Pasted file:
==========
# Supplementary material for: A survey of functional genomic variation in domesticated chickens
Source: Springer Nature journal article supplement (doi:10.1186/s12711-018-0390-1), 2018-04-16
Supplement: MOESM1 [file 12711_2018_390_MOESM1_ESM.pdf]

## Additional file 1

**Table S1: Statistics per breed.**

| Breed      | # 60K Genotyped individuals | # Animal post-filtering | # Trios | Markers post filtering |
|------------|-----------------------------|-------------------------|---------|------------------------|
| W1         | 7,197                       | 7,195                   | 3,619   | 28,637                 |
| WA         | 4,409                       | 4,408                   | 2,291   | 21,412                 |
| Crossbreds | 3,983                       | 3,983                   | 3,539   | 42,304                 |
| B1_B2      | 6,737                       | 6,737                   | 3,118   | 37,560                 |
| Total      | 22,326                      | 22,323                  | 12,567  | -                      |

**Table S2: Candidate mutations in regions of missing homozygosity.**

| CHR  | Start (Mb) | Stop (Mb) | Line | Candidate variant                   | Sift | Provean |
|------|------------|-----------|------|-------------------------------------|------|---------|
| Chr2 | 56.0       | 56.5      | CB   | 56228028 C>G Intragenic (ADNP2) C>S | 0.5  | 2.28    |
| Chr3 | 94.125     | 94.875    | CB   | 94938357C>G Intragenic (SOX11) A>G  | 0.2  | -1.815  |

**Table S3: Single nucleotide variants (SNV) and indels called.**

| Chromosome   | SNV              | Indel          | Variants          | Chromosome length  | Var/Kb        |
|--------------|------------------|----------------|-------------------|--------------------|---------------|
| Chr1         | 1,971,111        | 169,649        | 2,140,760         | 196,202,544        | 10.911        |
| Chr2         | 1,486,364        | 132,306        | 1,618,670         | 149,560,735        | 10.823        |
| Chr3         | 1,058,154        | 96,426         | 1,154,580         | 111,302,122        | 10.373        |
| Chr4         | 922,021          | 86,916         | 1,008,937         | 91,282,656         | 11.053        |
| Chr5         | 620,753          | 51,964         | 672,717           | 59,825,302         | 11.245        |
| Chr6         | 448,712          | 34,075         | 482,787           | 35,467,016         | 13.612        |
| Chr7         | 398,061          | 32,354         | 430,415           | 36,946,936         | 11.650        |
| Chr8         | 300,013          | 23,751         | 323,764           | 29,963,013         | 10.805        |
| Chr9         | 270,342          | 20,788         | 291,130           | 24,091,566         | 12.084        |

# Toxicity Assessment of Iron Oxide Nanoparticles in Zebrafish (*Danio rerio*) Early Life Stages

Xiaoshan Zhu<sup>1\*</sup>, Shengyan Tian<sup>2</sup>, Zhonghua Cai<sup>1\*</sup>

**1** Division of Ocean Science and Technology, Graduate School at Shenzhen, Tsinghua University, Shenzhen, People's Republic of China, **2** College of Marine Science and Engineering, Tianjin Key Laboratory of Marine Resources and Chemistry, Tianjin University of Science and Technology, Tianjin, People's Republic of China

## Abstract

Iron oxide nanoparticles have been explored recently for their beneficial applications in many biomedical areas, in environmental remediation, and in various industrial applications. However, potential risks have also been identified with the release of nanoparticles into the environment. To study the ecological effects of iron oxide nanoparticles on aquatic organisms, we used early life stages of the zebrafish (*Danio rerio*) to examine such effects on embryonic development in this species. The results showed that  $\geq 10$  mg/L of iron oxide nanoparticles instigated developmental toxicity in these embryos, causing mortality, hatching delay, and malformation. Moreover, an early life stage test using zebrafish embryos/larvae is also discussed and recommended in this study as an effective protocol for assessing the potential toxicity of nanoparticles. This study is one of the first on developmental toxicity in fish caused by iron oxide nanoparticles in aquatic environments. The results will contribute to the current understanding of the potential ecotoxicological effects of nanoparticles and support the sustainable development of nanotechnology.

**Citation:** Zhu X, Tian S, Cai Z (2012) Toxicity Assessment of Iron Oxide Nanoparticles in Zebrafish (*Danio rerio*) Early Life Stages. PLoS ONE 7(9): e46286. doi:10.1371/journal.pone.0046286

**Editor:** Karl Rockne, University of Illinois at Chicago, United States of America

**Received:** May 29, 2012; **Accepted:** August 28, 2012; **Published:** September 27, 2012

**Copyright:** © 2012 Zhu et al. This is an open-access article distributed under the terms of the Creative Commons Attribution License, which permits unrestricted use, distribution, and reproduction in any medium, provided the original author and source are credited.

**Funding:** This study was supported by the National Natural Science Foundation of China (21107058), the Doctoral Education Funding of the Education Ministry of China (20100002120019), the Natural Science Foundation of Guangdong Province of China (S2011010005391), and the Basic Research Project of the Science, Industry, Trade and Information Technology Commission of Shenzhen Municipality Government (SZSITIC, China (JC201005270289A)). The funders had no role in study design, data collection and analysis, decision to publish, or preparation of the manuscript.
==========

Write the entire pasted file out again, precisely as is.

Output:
# Supplementary material for: A survey of functional genomic variation in domesticated chickens
Source: Springer Nature journal article supplement (doi:10.1186/s12711-018-0390-1), 2018-04-16
Supplement: MOESM1 [file 12711_2018_390_MOESM1_ESM.pdf]

## Additional file 1

**Table S1: Statistics per breed.**

| Breed      | # 60K Genotyped individuals | # Animal post-filtering | # Trios | Markers post filtering |
|------------|-----------------------------|-------------------------|---------|------------------------|
| W1         | 7,197                       | 7,195                   | 3,619   | 28,637                 |
| WA         | 4,409                       | 4,408                   | 2,291   | 21,412                 |
| Crossbreds | 3,983                       | 3,983                   | 3,539   | 42,304                 |
| B1_B2      | 6,737                       | 6,737                   | 3,118   | 37,560                 |
| Total      | 22,326                      | 22,323                  | 12,567  | -                      |

**Table S2: Candidate mutations in regions of missing homozygosity.**

| CHR  | Start (Mb) | Stop (Mb) | Line | Candidate variant                   | Sift | Provean |
|------|------------|-----------|------|-------------------------------------|------|---------|
| Chr2 | 56.0       | 56.5      | CB   | 56228028 C>G Intragenic (ADNP2) C>S | 0.5  | 2.28    |
| Chr3 | 94.125     | 94.875    | CB   | 94938357C>G Intragenic (SOX11) A>G  | 0.2  | -1.815  |

**Table S3: Single nucleotide variants (SNV) and indels called.**

| Chromosome   | SNV              | Indel          | Variants          | Chromosome length  | Var/Kb        |
|--------------|------------------|----------------|-------------------|--------------------|---------------|
| Chr1         | 1,971,111        | 169,649        | 2,140,760         | 196,202,544        | 10.911        |
| Chr2         | 1,486,364        | 132,306        | 1,618,670         | 149,560,735        | 10.823        |
| Chr3         | 1,058,154        | 96,426         | 1,154,580         | 111,302,122        | 10.373        |
| Chr4         | 922,021          | 86,916         | 1,008,937         | 91,282,656         | 11.053        |
| Chr5         | 620,753          | 51,964         | 672,717           | 59,825,302         | 11.245        |
| Chr6         | 448,712          | 34,075         | 482,787           | 35,467,016         | 13.612        |
| Chr7         | 398,061          | 32,354         | 430,415           | 36,946,936         | 11.650        |
| Chr8         | 300,013          | 23,751         | 323,764           | 29,963,013         | 10.805        |
| Chr9         | 270,342          | 20,788         | 291,130           | 24,091,566         | 12.084        |

# Toxicity Assessment of Iron Oxide Nanoparticles in Zebrafish (*Danio rerio*) Early Life Stages

Xiaoshan Zhu<sup>1\*</sup>, Shengyan Tian<sup>2</sup>, Zhonghua Cai<sup>1\*</sup>

**1** Division of Ocean Science and Technology, Graduate School at Shenzhen, Tsinghua University, Shenzhen, People's Republic of China, **2** College of Marine Science and Engineering, Tianjin Key Laboratory of Marine Resources and Chemistry, Tianjin University of Science and Technology, Tianjin, People's Republic of China

## Abstract

Iron oxide nanoparticles have been explored recently for their beneficial applications in many biomedical areas, in environmental remediation, and in various industrial applications. However, potential risks have also been identified with the release of nanoparticles into the environment. To study the ecological effects of iron oxide nanoparticles on aquatic organisms, we used early life stages of the zebrafish (*Danio rerio*) to examine such effects on embryonic development in this species. The results showed that  $\geq 10$  mg/L of iron oxide nanoparticles instigated developmental toxicity in these embryos, causing mortality, hatching delay, and malformation. Moreover, an early life stage test using zebrafish embryos/larvae is also discussed and recommended in this study as an effective protocol for assessing the potential toxicity of nanoparticles. This study is one of the first on developmental toxicity in fish caused by iron oxide nanoparticles in aquatic environments. The results will contribute to the current understanding of the potential ecotoxicological effects of nanoparticles and support the sustainable development of nanotechnology.

**Citation:** Zhu X, Tian S, Cai Z (2012) Toxicity Assessment of Iron Oxide Nanoparticles in Zebrafish (*Danio rerio*) Early Life Stages. PLoS ONE 7(9): e46286. doi:10.1371/journal.pone.0046286

**Editor:** Karl Rockne, University of Illinois at Chicago, United States of America

**Received:** May 29, 2012; **Accepted:** August 28, 2012; **Published:** September 27, 2012

**Copyright:** © 2012 Zhu et al. This is an open-access article distributed under the terms of the Creative Commons Attribution License, which permits unrestricted use, distribution, and reproduction in any medium, provided the original author and source are credited.

**Funding:** This study was supported by the National Natural Science Foundation of China (21107058), the Doctoral Education Funding of the Education Ministry of China (20100002120019), the Natural Science Foundation of Guangdong Province of China (S2011010005391), and the Basic Research Project of the Science, Industry, Trade and Information Technology Commission of Shenzhen Municipality Government (SZSITIC, China (JC201005270289A)). The funders had no role in study design, data collection and analysis, decision to publish, or preparation of the manuscript.